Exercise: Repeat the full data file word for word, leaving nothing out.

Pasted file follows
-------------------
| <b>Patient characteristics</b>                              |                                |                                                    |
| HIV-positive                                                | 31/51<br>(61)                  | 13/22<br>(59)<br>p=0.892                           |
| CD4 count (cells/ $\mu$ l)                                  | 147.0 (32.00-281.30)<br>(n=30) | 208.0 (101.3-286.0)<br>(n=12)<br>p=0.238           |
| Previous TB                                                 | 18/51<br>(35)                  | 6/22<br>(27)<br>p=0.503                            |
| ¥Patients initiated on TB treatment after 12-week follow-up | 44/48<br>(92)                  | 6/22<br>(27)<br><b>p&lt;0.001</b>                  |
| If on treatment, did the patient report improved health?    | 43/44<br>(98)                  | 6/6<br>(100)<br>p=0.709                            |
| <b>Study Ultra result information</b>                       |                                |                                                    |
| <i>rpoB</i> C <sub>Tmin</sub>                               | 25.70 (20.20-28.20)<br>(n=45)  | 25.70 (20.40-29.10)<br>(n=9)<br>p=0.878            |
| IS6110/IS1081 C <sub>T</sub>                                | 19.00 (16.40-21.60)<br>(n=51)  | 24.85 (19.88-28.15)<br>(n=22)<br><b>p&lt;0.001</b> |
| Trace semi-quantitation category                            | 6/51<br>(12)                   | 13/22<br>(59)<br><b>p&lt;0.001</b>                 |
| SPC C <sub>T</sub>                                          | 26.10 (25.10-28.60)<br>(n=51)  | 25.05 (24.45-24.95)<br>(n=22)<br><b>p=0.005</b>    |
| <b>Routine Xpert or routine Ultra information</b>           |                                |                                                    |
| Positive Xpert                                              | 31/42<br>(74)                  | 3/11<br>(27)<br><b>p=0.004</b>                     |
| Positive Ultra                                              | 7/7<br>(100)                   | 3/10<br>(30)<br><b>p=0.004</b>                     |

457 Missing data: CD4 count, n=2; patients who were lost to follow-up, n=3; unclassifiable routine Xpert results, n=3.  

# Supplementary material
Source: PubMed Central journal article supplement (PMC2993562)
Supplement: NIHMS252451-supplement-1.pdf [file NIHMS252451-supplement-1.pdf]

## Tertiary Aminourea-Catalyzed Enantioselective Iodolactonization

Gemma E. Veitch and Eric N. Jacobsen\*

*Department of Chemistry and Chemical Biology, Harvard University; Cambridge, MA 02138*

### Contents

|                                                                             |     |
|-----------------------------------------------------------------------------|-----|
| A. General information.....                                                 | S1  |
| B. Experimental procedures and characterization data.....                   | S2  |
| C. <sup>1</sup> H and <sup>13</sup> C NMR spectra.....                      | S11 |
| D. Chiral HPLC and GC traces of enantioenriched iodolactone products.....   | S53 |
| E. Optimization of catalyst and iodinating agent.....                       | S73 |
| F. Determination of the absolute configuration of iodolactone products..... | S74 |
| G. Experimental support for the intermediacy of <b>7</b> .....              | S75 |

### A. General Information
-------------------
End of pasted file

| <b>Patient characteristics</b>                              |                                |                                                    |
| HIV-positive                                                | 31/51<br>(61)                  | 13/22<br>(59)<br>p=0.892                           |
| CD4 count (cells/ $\mu$ l)                                  | 147.0 (32.00-281.30)<br>(n=30) | 208.0 (101.3-286.0)<br>(n=12)<br>p=0.238           |
| Previous TB                                                 | 18/51<br>(35)                  | 6/22<br>(27)<br>p=0.503                            |
| ¥Patients initiated on TB treatment after 12-week follow-up | 44/48<br>(92)                  | 6/22<br>(27)<br><b>p&lt;0.001</b>                  |
| If on treatment, did the patient report improved health?    | 43/44<br>(98)                  | 6/6<br>(100)<br>p=0.709                            |
| <b>Study Ultra result information</b>                       |                                |                                                    |
| <i>rpoB</i> C <sub>Tmin</sub>                               | 25.70 (20.20-28.20)<br>(n=45)  | 25.70 (20.40-29.10)<br>(n=9)<br>p=0.878            |
| IS6110/IS1081 C <sub>T</sub>                                | 19.00 (16.40-21.60)<br>(n=51)  | 24.85 (19.88-28.15)<br>(n=22)<br><b>p&lt;0.001</b> |
| Trace semi-quantitation category                            | 6/51<br>(12)                   | 13/22<br>(59)<br><b>p&lt;0.001</b>                 |
| SPC C <sub>T</sub>                                          | 26.10 (25.10-28.60)<br>(n=51)  | 25.05 (24.45-24.95)<br>(n=22)<br><b>p=0.005</b>    |
| <b>Routine Xpert or routine Ultra information</b>           |                                |                                                    |
| Positive Xpert                                              | 31/42<br>(74)                  | 3/11<br>(27)<br><b>p=0.004</b>                     |
| Positive Ultra                                              | 7/7<br>(100)                   | 3/10<br>(30)<br><b>p=0.004</b>                     |

457 Missing data: CD4 count, n=2; patients who were lost to follow-up, n=3; unclassifiable routine Xpert results, n=3.  

# Supplementary material
Source: PubMed Central journal article supplement (PMC2993562)
Supplement: NIHMS252451-supplement-1.pdf [file NIHMS252451-supplement-1.pdf]

## Tertiary Aminourea-Catalyzed Enantioselective Iodolactonization

Gemma E. Veitch and Eric N. Jacobsen\*

*Department of Chemistry and Chemical Biology, Harvard University; Cambridge, MA 02138*

### Contents

|                                                                             |     |
|-----------------------------------------------------------------------------|-----|
| A. General information.....                                                 | S1  |
| B. Experimental procedures and characterization data.....                   | S2  |
| C. <sup>1</sup> H and <sup>13</sup> C NMR spectra.....                      | S11 |
| D. Chiral HPLC and GC traces of enantioenriched iodolactone products.....   | S53 |
| E. Optimization of catalyst and iodinating agent.....                       | S73 |
| F. Determination of the absolute configuration of iodolactone products..... | S74 |
| G. Experimental support for the intermediacy of <b>7</b> .....              | S75 |

### A. General Information